Los Angeles

Jutta Koether

Vielmetter Los Angeles

Regardless of one’s expectations of transparency, glass can be a deceitful, paradoxical material given to both illusion and allusion. This became apparent with the twenty-eight-foot-wide wall of glass (with white, painted wood edges) that served as a support for a dozen paintings in Jutta Koether’s third solo exhibition at Susanne Vielmetter, “Sovereign Women in Painting.” Mounted on this wall, facing the entrance, were Koether’s ostensibly “black” paintings, including four small, nearly identical, monochrome triangles with smears of dried resin. On the other side of the glass partition hung six “red” paintings, as the artist refers to them (rather deceptively, given their white backgrounds and range of pink and citrus hues), bearing everything from female figures to grids to text. Not only did the wall act as a clear support, revealing the backs of the canvases, it also served as a barrier that severed the angular gallery’s space roughly in half—a gesture that allowed viewers to be subtly reflected and theatricalized one’s mobile apprehension of the work. (The show’s coincidence with the Dan Graham retrospective at the Los Angeles Museum of Contemporary Art perhaps exacerbated this understanding.) The glass wall’s use as a support positioned it as a threshold between slippery immateriality and stubborn physicality—activating both possibilities at the same time.

Likewise, Koether’s paintings are conundrums that place fixity and substantiality in limbo. With JXXXA-PRRO1-12, 2009, a modestly scaled, prestretched canvas was printed with a line drawing of a Cézanne still life, which Koether then colored in a range of bright and hazy pastels, at times defying the drawing’s contours in favor of an allover dispersal: Blushing, sexual pinks and gossamer gold applied in loose, transparent brushstrokes appear vaporous as they leak beyond the skeletal black contours of the outlined Cézanne. Matched with JXXXA-PRRO1-12 on the wall’s opposite side was a similarly sized painting, Extreme Music: Black Metal, 2007–2009, in which a bramble of charred hatch marks and clear puddles of liquid glass provide a surface punctured by a nebula of thumbtacks that evoke metal studs on black leather. Defying initial material expectations, the puddles hold the tacks in place. The title of the latter work refers to a patch affixed to the painting (containing the phrase extreme music for extreme people), but it also alludes to Electrophilia, Koether’s noisy musical collaboration with the artist Steven Parrino, who died in 2005. (The four inverted triangle paintings in the show are from an ongoing series titled “The necessity of multiple inconsistent fantasies” that pays tribute to Parrino’s similarly damaged platonic forms.)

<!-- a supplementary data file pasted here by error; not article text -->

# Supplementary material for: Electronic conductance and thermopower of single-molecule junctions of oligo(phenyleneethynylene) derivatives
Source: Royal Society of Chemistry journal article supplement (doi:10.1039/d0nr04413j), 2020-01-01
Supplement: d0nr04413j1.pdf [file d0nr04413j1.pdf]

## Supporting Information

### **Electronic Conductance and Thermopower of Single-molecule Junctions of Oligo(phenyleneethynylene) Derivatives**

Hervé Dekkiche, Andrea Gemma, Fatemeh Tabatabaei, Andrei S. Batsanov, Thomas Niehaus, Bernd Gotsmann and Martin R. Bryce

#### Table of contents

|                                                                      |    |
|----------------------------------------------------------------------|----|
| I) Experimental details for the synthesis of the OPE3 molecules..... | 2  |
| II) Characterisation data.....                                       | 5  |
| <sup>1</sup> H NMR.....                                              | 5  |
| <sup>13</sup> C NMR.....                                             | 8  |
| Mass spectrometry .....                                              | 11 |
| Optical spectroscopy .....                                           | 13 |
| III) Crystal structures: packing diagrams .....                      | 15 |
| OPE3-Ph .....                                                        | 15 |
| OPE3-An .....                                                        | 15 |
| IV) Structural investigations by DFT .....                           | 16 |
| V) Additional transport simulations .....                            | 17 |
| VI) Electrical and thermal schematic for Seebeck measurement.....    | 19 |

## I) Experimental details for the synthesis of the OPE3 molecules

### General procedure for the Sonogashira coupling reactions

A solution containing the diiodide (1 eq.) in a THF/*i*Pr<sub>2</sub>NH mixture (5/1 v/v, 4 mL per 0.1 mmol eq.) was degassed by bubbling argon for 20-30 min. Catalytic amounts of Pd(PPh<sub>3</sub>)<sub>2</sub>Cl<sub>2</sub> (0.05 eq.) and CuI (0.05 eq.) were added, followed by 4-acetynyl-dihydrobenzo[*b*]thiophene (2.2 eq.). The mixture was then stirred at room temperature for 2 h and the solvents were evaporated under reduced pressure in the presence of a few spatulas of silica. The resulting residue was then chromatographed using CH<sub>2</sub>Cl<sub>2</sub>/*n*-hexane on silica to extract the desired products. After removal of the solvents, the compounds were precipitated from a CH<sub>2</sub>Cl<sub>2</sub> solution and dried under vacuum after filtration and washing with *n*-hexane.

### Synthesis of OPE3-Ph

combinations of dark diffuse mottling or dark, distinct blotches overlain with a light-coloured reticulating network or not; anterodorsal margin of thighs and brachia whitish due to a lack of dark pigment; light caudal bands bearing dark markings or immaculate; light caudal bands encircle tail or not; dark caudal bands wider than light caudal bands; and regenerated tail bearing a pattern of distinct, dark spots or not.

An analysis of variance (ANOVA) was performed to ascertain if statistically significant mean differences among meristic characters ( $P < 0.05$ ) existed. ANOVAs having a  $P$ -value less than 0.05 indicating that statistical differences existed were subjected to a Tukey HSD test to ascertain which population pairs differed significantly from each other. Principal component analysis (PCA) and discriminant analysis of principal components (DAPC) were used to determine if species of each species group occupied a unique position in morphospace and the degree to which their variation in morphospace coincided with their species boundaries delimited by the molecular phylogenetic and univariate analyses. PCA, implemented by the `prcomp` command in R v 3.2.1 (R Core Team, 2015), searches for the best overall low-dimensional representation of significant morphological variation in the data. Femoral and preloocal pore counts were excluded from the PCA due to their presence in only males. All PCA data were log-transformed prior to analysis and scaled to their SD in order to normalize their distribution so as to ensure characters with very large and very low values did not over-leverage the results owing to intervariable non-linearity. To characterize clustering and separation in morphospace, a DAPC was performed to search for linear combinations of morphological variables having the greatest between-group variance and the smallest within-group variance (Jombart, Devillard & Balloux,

Music, a frequent Koether motif, connected a number of the works in the show, including the two largest canvases, Souveraine Nr. 4 (after Callas) and Souveraine Nr. 5 (after Peaches), both 2009. In these paintings, iconic female singers from different eras and genres are treated as quasi-religious icons, subtly backlit through the glass by a mix of gallery lighting and indirect sunlight: Opera legend Maria Callas, in a robe whose folds commingle with slashing brushstrokes, reaches out majestically toward the right edge of the canvas, while electroclash diva Peaches kneels down but is hardly subservient. In the latter picture, a sphere (which appears to be an s/m ball gag) rests on the singer’s crotch, attached with a studded harness and radiating red, ectoplasmic lines.

While Koether invokes plenty of men, from Cézanne and Parrino to occultist Aleister Crowley (the last in the painting Alostrael, 2009) and Situationist Guy Debord, the intense, unbridled energy of the Peaches and Callas paintings clearly announces the female sovereignty of the show’s title—and the strength of Koether’s ascendant position. In a smaller adjacent gallery, an untitled drawing on a standard sheet of bond paper affixed to a translucent window claimed the room for itself. Over a pink, pelvic triangle at the bottom of the paper, Koether inscribed a Debord line in all caps blaring THERE IS NOTHING MORE NATURAL THAN TO CONSIDER EVERYTHING STARTING FROM ONESELF. Alone in the gallery, the drawing generated a space for reflection—mirroring, if you will, the glass wall in the next room.

Michael Ned Holte